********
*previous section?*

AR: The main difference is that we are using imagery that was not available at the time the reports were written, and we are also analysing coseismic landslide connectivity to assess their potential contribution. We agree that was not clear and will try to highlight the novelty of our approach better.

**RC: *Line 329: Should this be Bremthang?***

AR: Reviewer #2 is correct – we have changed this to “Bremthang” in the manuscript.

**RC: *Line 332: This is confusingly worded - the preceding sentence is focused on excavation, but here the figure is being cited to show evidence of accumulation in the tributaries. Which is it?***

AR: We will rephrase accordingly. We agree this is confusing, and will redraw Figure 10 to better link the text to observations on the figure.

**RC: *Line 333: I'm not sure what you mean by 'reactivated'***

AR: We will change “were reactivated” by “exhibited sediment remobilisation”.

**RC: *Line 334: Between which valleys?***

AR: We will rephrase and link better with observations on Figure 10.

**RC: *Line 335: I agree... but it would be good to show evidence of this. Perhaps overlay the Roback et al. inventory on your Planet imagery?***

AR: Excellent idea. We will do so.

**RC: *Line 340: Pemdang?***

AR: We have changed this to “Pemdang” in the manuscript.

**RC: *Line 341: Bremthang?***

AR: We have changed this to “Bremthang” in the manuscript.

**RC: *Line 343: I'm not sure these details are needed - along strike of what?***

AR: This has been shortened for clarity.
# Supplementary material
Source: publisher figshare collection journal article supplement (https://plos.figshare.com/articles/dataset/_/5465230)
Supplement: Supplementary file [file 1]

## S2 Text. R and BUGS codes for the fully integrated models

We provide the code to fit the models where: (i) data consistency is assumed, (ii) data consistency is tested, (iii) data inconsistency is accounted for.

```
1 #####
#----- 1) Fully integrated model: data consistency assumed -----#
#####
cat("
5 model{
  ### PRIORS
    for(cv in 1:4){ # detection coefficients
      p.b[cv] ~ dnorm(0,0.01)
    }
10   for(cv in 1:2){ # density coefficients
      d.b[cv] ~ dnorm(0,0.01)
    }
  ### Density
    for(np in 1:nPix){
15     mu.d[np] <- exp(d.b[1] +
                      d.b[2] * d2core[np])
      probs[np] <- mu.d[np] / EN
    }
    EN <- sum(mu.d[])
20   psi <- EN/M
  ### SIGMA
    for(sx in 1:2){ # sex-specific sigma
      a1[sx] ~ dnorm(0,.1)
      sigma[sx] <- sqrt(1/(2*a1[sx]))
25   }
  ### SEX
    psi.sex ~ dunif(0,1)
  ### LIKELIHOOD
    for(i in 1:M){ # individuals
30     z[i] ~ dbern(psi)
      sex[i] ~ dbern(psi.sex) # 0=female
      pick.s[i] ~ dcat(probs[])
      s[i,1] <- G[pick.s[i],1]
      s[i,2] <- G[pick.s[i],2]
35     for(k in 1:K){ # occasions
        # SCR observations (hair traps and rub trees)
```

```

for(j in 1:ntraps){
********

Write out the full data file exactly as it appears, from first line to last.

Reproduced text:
*previous section?*

AR: The main difference is that we are using imagery that was not available at the time the reports were written, and we are also analysing coseismic landslide connectivity to assess their potential contribution. We agree that was not clear and will try to highlight the novelty of our approach better.

**RC: *Line 329: Should this be Bremthang?***

AR: Reviewer #2 is correct – we have changed this to “Bremthang” in the manuscript.

**RC: *Line 332: This is confusingly worded - the preceding sentence is focused on excavation, but here the figure is being cited to show evidence of accumulation in the tributaries. Which is it?***

AR: We will rephrase accordingly. We agree this is confusing, and will redraw Figure 10 to better link the text to observations on the figure.

**RC: *Line 333: I'm not sure what you mean by 'reactivated'***

AR: We will change “were reactivated” by “exhibited sediment remobilisation”.

**RC: *Line 334: Between which valleys?***

AR: We will rephrase and link better with observations on Figure 10.

**RC: *Line 335: I agree... but it would be good to show evidence of this. Perhaps overlay the Roback et al. inventory on your Planet imagery?***

AR: Excellent idea. We will do so.

**RC: *Line 340: Pemdang?***

AR: We have changed this to “Pemdang” in the manuscript.

**RC: *Line 341: Bremthang?***

AR: We have changed this to “Bremthang” in the manuscript.

**RC: *Line 343: I'm not sure these details are needed - along strike of what?***

AR: This has been shortened for clarity.
# Supplementary material
Source: publisher figshare collection journal article supplement (https://plos.figshare.com/articles/dataset/_/5465230)
Supplement: Supplementary file [file 1]

## S2 Text. R and BUGS codes for the fully integrated models

We provide the code to fit the models where: (i) data consistency is assumed, (ii) data consistency is tested, (iii) data inconsistency is accounted for.

```
1 #####
#----- 1) Fully integrated model: data consistency assumed -----#
#####
cat("
5 model{
  ### PRIORS
    for(cv in 1:4){ # detection coefficients
      p.b[cv] ~ dnorm(0,0.01)
    }
10   for(cv in 1:2){ # density coefficients
      d.b[cv] ~ dnorm(0,0.01)
    }
  ### Density
    for(np in 1:nPix){
15     mu.d[np] <- exp(d.b[1] +
                      d.b[2] * d2core[np])
      probs[np] <- mu.d[np] / EN
    }
    EN <- sum(mu.d[])
20   psi <- EN/M
  ### SIGMA
    for(sx in 1:2){ # sex-specific sigma
      a1[sx] ~ dnorm(0,.1)
      sigma[sx] <- sqrt(1/(2*a1[sx]))
25   }
  ### SEX
    psi.sex ~ dunif(0,1)
  ### LIKELIHOOD
    for(i in 1:M){ # individuals
30     z[i] ~ dbern(psi)
      sex[i] ~ dbern(psi.sex) # 0=female
      pick.s[i] ~ dcat(probs[])
      s[i,1] <- G[pick.s[i],1]
      s[i,2] <- G[pick.s[i],2]
35     for(k in 1:K){ # occasions
        # SCR observations (hair traps and rub trees)
```

```

for(j in 1:ntraps){